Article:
Late-onset Alzheimer's disease
Professor Donna Wilcock discusses late-onset Alzheimer's disease, which involves the clearance and/or production of the amyloid beta protein.
Late-onset Alzheimerâ€™s disease is really of no known cause yet. We really donâ€™t know that causes this. The field is leaning toward it being less of an amyloid production problem and more of an amyloid clearance problem. We think there is a fine balance between production and clearance of amyloid beta [a-beta] peptides. Letâ€™s say you shift it one way, where you are increasing production but clearance stays the same, we think this is what happens in the familial Alzheimerâ€™s disease where we see these mutations. But if you shift it the other way, and now production stays the same, but youâ€™re less able to clear that a-beta out of the brain, now youâ€™re going to start accumulating the amyloid beta. We think this is what happens in late-onset Alzheimerâ€™s disease and we donâ€™t really know why.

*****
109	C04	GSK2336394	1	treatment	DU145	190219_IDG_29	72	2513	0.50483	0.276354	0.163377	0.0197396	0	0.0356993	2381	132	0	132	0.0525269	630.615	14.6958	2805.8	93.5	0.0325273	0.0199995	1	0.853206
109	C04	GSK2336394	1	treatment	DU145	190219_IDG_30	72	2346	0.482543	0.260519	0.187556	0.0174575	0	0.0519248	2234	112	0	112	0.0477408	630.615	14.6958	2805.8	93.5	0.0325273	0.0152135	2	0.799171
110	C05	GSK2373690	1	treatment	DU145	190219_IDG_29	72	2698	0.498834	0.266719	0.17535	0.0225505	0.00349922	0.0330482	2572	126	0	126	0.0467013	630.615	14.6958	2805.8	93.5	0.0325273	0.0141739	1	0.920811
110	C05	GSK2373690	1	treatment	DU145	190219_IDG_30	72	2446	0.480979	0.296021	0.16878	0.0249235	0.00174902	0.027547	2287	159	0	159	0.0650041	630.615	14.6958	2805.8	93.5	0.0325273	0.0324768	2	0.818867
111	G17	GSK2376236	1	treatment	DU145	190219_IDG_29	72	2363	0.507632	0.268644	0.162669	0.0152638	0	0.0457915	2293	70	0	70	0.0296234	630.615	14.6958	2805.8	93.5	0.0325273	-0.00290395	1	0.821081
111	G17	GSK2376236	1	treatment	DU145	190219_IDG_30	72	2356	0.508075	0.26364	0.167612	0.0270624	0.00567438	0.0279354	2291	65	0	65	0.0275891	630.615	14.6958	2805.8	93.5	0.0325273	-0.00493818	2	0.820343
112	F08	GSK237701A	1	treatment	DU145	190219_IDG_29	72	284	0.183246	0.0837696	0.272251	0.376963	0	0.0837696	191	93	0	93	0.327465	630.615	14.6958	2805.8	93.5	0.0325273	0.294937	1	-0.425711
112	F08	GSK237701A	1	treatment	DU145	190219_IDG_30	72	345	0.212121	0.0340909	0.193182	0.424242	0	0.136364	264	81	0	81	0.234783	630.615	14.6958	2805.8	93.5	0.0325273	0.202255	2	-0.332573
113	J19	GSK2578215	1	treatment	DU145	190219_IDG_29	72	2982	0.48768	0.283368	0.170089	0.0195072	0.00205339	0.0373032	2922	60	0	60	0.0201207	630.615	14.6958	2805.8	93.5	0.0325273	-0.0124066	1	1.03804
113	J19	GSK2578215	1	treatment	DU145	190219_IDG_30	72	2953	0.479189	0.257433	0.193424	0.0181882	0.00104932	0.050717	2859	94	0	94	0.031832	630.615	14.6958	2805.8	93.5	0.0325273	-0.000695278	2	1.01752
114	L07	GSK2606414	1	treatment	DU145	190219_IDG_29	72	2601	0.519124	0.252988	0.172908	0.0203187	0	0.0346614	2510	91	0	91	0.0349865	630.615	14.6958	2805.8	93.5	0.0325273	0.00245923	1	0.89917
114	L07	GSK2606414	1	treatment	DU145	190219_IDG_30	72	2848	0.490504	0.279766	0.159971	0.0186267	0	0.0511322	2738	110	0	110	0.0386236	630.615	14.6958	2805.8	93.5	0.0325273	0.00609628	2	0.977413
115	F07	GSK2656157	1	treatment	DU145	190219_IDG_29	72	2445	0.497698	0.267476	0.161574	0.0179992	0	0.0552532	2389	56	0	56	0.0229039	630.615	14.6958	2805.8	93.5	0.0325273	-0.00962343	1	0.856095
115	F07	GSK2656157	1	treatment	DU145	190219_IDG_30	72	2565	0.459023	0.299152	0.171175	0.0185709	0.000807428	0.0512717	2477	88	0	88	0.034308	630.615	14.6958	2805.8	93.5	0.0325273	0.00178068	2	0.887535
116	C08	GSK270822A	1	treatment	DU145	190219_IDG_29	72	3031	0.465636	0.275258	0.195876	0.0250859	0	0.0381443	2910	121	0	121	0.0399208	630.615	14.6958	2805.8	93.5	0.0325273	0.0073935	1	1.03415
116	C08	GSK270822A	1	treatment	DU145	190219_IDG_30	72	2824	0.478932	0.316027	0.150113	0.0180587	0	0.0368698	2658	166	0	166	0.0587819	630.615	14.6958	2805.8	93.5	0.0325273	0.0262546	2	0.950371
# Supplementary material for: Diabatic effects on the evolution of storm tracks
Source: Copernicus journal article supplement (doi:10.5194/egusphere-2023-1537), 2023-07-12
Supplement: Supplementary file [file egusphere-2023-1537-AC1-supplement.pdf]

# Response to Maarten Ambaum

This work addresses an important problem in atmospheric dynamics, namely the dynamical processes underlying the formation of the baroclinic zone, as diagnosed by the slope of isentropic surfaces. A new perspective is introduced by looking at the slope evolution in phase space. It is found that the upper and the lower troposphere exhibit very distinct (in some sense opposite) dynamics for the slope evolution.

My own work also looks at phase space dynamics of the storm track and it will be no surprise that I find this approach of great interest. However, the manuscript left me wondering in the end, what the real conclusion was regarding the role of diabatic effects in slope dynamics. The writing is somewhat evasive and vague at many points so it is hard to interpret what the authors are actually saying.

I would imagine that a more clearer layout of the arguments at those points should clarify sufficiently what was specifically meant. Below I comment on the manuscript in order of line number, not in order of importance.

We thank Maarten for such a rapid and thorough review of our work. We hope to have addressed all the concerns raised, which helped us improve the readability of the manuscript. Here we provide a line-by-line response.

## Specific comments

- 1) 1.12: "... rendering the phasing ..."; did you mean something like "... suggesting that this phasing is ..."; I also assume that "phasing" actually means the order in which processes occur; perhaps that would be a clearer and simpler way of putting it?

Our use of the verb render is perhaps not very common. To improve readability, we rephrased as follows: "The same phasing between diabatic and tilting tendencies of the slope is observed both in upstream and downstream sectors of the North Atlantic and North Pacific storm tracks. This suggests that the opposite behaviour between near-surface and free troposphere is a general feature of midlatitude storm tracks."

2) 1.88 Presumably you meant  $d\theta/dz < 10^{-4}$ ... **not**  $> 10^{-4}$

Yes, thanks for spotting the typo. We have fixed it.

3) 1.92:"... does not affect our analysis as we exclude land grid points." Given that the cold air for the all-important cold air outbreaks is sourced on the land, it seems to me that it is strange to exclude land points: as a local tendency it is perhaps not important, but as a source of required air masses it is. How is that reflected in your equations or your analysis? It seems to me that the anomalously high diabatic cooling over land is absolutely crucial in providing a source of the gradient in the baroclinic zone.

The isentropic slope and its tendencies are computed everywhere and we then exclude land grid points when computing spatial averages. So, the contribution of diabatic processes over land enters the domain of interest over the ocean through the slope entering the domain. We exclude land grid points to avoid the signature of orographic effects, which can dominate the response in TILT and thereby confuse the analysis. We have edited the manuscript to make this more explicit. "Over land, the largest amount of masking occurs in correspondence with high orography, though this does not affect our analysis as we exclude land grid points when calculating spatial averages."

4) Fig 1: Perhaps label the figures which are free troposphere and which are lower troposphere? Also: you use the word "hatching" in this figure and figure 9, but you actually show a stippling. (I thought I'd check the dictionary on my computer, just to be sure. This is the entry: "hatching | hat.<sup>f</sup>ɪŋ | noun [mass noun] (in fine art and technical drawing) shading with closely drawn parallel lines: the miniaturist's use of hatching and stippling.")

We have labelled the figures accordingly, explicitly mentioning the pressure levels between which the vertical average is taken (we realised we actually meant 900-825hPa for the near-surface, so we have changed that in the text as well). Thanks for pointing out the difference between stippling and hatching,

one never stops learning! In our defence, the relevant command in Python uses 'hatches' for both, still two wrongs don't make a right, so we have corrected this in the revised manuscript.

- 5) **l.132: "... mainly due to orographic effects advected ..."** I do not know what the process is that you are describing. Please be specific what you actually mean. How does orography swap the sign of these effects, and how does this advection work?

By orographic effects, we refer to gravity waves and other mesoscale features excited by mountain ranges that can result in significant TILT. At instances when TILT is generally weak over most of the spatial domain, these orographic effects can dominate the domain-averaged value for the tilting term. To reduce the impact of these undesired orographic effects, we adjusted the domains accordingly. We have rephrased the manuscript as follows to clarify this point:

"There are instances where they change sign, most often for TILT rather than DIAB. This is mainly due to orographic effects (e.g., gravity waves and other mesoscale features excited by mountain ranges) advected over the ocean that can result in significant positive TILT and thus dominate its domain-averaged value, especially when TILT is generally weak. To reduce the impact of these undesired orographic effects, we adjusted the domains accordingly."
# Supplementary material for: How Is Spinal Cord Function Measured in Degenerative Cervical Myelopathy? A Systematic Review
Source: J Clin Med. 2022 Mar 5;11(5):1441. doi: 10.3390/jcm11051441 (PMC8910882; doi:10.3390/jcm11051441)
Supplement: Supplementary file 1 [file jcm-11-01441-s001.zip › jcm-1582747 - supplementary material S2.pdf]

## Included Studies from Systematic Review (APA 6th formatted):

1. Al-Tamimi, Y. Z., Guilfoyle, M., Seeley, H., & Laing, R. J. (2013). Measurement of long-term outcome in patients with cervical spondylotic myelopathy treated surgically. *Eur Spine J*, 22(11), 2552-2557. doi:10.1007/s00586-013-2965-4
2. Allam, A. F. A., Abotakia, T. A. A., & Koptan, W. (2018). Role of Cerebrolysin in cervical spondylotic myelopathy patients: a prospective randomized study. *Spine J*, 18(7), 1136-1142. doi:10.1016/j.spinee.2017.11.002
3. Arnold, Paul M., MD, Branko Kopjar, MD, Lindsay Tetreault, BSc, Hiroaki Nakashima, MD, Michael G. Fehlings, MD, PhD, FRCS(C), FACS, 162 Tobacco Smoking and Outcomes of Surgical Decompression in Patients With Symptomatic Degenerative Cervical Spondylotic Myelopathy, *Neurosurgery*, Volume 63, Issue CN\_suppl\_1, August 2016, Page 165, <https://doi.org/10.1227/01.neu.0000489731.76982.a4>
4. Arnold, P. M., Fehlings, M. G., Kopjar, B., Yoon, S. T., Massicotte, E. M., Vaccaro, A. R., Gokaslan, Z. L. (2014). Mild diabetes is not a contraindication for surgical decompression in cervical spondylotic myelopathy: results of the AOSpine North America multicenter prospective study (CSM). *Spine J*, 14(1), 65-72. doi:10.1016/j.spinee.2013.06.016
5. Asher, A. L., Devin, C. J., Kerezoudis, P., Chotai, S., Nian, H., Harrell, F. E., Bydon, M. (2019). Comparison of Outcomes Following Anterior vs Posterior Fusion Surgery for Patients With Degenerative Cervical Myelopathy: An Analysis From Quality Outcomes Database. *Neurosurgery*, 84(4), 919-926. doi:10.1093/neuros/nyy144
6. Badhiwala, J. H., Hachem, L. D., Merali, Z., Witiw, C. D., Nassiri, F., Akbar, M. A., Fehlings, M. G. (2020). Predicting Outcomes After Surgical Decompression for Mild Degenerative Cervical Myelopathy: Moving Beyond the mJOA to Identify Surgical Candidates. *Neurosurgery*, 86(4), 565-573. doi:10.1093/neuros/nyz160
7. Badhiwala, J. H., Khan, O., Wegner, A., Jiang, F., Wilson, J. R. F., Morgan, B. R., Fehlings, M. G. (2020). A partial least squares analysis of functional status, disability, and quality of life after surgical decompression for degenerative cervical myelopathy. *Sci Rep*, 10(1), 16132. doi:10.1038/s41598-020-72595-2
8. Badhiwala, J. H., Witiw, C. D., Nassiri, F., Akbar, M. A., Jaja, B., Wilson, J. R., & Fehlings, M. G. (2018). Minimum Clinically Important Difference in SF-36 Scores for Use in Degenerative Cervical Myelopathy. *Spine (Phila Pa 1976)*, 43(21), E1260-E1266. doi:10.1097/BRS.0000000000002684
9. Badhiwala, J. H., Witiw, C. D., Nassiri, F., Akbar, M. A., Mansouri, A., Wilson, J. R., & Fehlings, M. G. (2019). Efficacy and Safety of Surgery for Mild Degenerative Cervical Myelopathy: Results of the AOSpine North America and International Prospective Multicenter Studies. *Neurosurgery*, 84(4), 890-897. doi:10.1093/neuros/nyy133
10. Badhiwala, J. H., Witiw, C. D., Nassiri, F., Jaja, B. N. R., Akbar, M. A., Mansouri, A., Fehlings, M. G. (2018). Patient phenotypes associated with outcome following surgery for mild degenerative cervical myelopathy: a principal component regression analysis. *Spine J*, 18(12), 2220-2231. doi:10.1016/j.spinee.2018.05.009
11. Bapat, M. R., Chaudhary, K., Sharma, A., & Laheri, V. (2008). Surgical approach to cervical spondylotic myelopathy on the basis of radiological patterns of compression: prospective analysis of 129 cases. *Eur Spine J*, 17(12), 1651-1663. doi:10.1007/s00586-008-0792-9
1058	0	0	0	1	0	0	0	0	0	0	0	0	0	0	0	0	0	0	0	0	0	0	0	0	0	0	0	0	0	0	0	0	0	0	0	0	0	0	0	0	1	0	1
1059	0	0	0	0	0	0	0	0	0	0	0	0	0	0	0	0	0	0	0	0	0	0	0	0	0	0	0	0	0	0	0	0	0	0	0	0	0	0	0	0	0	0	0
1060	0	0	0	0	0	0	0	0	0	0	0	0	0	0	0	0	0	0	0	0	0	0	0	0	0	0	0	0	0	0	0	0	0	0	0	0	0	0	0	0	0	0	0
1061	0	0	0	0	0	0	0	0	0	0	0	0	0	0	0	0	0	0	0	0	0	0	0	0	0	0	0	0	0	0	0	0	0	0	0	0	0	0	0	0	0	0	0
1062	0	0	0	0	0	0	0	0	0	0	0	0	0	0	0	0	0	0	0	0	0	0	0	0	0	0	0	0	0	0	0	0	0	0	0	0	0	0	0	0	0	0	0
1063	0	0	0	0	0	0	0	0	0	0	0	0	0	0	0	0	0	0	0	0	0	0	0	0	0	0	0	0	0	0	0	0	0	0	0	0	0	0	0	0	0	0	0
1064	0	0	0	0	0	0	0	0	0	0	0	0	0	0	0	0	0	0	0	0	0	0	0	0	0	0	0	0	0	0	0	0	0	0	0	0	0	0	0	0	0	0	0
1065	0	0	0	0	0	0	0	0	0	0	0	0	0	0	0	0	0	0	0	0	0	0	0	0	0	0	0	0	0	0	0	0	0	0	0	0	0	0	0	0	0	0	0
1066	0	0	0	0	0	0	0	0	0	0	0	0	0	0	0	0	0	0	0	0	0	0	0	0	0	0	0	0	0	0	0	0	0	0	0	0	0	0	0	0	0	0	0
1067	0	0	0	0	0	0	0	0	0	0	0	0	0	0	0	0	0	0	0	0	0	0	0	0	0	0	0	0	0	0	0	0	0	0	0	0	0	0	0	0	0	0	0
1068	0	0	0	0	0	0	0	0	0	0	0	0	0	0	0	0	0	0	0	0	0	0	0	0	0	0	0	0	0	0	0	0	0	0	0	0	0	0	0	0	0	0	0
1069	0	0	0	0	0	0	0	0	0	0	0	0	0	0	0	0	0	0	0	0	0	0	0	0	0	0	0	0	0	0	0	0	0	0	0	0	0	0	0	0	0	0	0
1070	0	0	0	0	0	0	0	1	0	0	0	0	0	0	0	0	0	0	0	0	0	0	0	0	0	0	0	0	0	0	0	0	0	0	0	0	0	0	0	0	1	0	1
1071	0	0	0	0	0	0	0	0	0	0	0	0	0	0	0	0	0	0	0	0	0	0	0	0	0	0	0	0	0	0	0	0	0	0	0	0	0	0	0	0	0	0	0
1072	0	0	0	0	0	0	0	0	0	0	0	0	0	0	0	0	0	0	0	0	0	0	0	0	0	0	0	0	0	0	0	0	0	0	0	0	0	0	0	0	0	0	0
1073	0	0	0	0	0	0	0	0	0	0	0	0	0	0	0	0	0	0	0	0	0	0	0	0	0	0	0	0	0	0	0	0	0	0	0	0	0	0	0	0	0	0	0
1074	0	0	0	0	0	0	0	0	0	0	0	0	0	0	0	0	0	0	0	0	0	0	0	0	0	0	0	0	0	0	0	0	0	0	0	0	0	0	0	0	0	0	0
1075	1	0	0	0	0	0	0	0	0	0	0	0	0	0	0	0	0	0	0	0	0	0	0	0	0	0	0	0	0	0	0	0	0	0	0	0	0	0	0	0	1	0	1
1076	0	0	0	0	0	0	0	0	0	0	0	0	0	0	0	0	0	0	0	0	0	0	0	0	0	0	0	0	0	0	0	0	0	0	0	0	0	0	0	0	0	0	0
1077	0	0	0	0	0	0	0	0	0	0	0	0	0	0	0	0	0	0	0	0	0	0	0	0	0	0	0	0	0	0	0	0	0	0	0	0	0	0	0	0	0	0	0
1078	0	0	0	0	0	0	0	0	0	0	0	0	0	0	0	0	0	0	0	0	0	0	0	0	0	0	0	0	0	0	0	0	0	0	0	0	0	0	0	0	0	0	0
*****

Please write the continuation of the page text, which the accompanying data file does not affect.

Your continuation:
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Professor Donna Wilcock discusses the late-onset gene for Alzheimer's disease, ApoE4, which increases the risk of developing the disease.
Individuals with two copies of APOE4, have a dramatically increased risk of developing Alzheimer’s disease.
Genes that can cause neurofibrillary tangles and amyloid plaques are strongly associated with Alzheimer's disease.
Professor Dennis Selkoe discusses the degree to which the ApoE4 gene is associated with early onset Alzheimer's disease.
Professor Donna Wilcock discusses early-onset Alzheimer's disease, which can reach an advanced stage by the age of 50 or 60 years.
Professor Kenneth Kosik describes the relationship between the amyloid precursor protein (APP) and Alzheimer’s disease. APP mutations are linked to early-onset Alzheimer’s disease.
An overview of Alzheimer's disease-related content on Genes to Cognition Online.
Professor Donna Wilcock discusses Alzheimer's disease in the light of increasing prevalence as the population ages.
Doctor Thomas Insel discusses recent findings of structural changes in the brains of teenagers may be warning signs for the potential onset of Alzheimer's disease.
Alzheimer’s disease is a progressive brain disorder that causes a gradual and irreversible loss of higher brain functions, including memory, language skills, and perception of time and space,